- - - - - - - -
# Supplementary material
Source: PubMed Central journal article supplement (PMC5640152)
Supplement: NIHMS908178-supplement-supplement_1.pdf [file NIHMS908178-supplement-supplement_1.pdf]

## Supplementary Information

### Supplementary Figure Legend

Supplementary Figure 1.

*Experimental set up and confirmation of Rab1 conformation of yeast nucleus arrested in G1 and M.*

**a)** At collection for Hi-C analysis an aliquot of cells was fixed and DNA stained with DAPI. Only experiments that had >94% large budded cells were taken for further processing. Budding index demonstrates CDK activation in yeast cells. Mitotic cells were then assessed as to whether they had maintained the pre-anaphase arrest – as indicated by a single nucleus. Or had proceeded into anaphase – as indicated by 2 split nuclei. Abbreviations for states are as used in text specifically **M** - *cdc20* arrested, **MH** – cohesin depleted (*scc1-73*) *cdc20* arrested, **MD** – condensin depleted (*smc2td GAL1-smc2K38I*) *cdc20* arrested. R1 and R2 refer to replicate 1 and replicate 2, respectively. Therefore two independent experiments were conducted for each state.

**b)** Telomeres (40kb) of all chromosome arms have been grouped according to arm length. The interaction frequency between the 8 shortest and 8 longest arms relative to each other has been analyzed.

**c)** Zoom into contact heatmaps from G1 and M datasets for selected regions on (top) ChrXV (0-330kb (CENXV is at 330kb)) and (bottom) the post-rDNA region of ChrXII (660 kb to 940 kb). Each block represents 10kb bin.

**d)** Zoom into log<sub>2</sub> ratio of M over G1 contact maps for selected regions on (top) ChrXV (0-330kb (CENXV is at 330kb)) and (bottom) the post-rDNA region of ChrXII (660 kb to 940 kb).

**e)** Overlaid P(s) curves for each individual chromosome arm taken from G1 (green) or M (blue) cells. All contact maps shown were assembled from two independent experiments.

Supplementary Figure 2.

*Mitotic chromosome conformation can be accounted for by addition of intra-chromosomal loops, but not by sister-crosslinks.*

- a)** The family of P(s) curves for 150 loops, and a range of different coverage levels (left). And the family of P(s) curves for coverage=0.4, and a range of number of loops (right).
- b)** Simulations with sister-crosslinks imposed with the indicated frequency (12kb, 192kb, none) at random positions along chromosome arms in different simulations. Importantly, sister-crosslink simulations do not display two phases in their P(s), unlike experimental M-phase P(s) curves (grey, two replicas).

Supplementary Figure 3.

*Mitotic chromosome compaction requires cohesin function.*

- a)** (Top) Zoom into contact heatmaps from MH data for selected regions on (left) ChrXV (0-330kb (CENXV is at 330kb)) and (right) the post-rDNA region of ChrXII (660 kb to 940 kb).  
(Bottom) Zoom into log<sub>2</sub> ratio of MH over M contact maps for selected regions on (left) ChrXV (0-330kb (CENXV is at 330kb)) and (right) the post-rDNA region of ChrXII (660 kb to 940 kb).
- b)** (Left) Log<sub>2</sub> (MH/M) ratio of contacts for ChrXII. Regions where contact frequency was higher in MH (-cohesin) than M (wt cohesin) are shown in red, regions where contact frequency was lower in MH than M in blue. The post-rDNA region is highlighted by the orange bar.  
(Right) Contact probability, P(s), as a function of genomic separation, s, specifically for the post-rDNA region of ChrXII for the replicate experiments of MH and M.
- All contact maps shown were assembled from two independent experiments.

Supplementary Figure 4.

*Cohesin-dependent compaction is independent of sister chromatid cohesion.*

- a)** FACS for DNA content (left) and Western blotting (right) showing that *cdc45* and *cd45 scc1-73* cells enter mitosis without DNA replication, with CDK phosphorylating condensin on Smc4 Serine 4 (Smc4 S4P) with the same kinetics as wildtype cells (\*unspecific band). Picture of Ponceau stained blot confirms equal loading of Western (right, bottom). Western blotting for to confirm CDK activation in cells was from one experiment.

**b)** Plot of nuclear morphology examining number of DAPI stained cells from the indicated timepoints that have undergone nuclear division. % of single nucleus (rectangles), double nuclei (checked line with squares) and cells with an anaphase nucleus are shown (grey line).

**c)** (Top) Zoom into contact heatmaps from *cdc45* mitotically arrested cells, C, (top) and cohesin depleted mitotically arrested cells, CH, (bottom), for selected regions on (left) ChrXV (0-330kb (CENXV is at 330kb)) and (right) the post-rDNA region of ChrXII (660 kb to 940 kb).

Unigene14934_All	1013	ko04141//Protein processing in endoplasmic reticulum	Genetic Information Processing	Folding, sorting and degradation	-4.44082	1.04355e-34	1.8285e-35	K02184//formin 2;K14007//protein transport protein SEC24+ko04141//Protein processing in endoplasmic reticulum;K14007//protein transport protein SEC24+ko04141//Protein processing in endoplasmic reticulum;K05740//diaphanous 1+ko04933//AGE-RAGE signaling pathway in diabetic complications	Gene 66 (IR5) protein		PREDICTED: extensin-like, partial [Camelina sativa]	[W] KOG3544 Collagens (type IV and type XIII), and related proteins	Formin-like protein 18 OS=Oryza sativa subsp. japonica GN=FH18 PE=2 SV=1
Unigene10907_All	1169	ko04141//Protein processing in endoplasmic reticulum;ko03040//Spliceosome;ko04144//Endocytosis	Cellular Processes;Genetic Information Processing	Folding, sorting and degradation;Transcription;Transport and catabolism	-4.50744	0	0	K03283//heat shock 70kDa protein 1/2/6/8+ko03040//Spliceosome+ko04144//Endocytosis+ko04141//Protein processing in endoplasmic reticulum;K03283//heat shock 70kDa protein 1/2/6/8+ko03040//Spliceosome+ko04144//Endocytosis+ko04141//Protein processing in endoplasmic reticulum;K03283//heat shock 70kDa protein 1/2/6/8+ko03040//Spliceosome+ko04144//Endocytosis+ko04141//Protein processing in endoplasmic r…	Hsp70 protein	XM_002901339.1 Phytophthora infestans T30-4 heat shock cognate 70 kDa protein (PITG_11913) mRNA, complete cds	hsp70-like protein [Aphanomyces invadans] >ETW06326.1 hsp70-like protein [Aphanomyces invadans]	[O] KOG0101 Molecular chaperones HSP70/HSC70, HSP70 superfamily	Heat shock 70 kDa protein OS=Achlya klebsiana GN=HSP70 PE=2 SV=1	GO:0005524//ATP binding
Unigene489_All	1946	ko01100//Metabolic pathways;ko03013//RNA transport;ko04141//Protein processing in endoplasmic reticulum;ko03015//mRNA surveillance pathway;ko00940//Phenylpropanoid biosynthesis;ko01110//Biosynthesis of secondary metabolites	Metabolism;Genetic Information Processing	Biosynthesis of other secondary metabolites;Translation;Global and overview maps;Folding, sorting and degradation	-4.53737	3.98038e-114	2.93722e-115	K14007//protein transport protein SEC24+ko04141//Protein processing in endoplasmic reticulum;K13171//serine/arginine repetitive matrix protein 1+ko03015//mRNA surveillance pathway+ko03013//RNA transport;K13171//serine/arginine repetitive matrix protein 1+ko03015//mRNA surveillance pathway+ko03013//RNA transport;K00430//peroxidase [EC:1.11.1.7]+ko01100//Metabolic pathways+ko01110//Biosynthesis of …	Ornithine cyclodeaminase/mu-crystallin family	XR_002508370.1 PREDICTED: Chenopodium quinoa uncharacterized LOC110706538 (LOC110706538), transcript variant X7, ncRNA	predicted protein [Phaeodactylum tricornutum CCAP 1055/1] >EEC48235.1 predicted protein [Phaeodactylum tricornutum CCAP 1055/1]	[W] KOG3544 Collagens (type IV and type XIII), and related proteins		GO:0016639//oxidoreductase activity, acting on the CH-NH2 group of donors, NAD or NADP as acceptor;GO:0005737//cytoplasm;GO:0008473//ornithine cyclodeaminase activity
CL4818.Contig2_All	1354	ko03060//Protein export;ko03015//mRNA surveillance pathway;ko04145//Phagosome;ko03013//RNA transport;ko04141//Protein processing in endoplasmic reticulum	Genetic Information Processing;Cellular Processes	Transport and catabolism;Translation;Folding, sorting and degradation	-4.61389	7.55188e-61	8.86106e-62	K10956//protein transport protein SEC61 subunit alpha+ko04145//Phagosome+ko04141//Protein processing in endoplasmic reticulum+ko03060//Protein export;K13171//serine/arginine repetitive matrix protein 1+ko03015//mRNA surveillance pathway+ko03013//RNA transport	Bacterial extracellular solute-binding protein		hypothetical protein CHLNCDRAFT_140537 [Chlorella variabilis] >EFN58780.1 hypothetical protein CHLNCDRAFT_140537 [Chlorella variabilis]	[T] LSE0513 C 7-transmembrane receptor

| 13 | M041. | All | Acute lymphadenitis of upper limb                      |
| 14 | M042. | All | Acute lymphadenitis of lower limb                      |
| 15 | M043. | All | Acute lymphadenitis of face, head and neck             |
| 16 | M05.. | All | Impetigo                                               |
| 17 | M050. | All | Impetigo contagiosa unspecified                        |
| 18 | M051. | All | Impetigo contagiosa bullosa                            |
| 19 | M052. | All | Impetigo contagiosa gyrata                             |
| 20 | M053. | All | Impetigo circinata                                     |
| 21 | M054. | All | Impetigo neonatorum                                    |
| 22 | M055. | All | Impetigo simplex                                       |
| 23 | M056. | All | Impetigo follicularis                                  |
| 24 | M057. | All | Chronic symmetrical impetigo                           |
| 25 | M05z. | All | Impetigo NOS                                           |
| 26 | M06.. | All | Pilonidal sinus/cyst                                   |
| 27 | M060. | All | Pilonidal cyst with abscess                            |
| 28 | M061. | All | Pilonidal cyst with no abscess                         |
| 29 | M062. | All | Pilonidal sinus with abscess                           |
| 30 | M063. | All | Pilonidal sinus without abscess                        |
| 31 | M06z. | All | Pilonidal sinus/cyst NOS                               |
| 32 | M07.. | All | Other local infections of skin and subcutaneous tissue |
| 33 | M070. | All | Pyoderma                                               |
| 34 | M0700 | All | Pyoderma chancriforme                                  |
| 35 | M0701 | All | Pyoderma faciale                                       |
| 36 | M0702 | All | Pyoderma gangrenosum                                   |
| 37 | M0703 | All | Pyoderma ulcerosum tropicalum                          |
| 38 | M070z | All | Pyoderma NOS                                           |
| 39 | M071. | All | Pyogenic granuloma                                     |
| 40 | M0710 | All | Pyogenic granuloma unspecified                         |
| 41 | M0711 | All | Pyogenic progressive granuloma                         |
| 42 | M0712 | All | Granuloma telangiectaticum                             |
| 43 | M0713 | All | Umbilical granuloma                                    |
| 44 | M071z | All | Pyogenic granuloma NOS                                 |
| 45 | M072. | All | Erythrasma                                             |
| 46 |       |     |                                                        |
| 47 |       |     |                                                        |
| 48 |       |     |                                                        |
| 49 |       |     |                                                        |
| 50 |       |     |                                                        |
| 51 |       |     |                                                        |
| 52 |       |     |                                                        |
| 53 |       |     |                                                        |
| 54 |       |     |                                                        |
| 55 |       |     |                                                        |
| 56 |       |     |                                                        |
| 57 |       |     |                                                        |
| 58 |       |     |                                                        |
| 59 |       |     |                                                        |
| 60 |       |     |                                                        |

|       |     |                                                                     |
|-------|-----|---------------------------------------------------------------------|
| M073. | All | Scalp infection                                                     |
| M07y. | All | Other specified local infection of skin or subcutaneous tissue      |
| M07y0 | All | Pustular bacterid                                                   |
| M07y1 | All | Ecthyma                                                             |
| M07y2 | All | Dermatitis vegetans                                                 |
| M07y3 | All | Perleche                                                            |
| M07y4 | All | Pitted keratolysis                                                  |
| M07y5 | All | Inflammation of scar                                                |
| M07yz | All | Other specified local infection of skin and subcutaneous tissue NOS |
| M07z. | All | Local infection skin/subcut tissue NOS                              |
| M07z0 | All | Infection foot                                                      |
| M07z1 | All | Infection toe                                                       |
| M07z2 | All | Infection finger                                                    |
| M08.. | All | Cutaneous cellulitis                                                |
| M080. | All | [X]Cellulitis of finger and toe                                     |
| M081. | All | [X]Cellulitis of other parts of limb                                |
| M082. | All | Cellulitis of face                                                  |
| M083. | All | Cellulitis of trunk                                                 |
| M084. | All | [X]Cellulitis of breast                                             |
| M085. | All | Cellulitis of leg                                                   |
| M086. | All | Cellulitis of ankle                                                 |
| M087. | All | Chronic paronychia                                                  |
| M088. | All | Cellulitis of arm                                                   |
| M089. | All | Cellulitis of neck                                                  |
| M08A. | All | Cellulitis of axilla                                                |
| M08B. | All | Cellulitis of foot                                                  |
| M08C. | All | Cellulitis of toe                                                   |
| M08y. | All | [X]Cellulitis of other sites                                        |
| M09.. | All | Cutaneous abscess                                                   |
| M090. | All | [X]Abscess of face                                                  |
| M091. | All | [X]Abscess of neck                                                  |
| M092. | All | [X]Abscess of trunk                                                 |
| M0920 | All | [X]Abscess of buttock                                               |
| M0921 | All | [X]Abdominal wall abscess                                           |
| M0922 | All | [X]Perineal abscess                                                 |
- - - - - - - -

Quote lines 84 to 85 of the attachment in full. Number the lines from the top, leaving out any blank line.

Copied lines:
| M07y. | All | Other specified local infection of skin or subcutaneous tissue      |
| M07y0 | All | Pustular bacterid                                                   |